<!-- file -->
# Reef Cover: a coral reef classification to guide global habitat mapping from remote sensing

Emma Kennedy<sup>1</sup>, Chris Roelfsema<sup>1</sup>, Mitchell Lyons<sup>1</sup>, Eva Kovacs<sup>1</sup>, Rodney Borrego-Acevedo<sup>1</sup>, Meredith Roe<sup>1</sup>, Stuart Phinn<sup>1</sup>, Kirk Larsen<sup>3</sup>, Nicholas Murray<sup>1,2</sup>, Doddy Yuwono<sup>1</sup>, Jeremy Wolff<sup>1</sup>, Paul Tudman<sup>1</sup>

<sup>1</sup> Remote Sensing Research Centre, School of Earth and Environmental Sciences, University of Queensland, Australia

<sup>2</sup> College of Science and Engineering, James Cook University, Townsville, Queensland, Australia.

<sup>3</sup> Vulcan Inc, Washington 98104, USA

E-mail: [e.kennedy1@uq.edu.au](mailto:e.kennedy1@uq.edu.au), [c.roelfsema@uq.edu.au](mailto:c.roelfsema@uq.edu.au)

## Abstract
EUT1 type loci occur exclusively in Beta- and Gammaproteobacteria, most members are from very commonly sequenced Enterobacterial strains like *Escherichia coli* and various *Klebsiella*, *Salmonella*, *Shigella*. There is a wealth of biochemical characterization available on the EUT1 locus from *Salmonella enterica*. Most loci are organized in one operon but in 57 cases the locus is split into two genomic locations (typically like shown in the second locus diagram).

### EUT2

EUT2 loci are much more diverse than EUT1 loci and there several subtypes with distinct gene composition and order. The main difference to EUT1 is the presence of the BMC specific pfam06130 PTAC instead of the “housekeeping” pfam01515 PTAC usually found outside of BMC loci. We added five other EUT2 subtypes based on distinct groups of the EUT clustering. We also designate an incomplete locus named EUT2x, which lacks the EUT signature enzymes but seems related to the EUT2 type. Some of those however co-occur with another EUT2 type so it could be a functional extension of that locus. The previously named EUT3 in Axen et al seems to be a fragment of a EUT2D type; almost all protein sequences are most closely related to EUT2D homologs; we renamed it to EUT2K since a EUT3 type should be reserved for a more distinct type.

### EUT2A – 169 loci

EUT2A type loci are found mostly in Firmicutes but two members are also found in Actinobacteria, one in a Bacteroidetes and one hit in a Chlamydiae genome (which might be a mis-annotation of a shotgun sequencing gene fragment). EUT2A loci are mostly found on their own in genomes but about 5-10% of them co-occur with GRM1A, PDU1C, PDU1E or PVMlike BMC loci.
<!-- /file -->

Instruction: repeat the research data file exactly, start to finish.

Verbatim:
# Reef Cover: a coral reef classification to guide global habitat mapping from remote sensing

Emma Kennedy<sup>1</sup>, Chris Roelfsema<sup>1</sup>, Mitchell Lyons<sup>1</sup>, Eva Kovacs<sup>1</sup>, Rodney Borrego-Acevedo<sup>1</sup>, Meredith Roe<sup>1</sup>, Stuart Phinn<sup>1</sup>, Kirk Larsen<sup>3</sup>, Nicholas Murray<sup>1,2</sup>, Doddy Yuwono<sup>1</sup>, Jeremy Wolff<sup>1</sup>, Paul Tudman<sup>1</sup>

<sup>1</sup> Remote Sensing Research Centre, School of Earth and Environmental Sciences, University of Queensland, Australia

<sup>2</sup> College of Science and Engineering, James Cook University, Townsville, Queensland, Australia.

<sup>3</sup> Vulcan Inc, Washington 98104, USA

E-mail: [e.kennedy1@uq.edu.au](mailto:e.kennedy1@uq.edu.au), [c.roelfsema@uq.edu.au](mailto:c.roelfsema@uq.edu.au)

## Abstract
EUT1 type loci occur exclusively in Beta- and Gammaproteobacteria, most members are from very commonly sequenced Enterobacterial strains like *Escherichia coli* and various *Klebsiella*, *Salmonella*, *Shigella*. There is a wealth of biochemical characterization available on the EUT1 locus from *Salmonella enterica*. Most loci are organized in one operon but in 57 cases the locus is split into two genomic locations (typically like shown in the second locus diagram).

### EUT2

EUT2 loci are much more diverse than EUT1 loci and there several subtypes with distinct gene composition and order. The main difference to EUT1 is the presence of the BMC specific pfam06130 PTAC instead of the “housekeeping” pfam01515 PTAC usually found outside of BMC loci. We added five other EUT2 subtypes based on distinct groups of the EUT clustering. We also designate an incomplete locus named EUT2x, which lacks the EUT signature enzymes but seems related to the EUT2 type. Some of those however co-occur with another EUT2 type so it could be a functional extension of that locus. The previously named EUT3 in Axen et al seems to be a fragment of a EUT2D type; almost all protein sequences are most closely related to EUT2D homologs; we renamed it to EUT2K since a EUT3 type should be reserved for a more distinct type.

### EUT2A – 169 loci

EUT2A type loci are found mostly in Firmicutes but two members are also found in Actinobacteria, one in a Bacteroidetes and one hit in a Chlamydiae genome (which might be a mis-annotation of a shotgun sequencing gene fragment). EUT2A loci are mostly found on their own in genomes but about 5-10% of them co-occur with GRM1A, PDU1C, PDU1E or PVMlike BMC loci.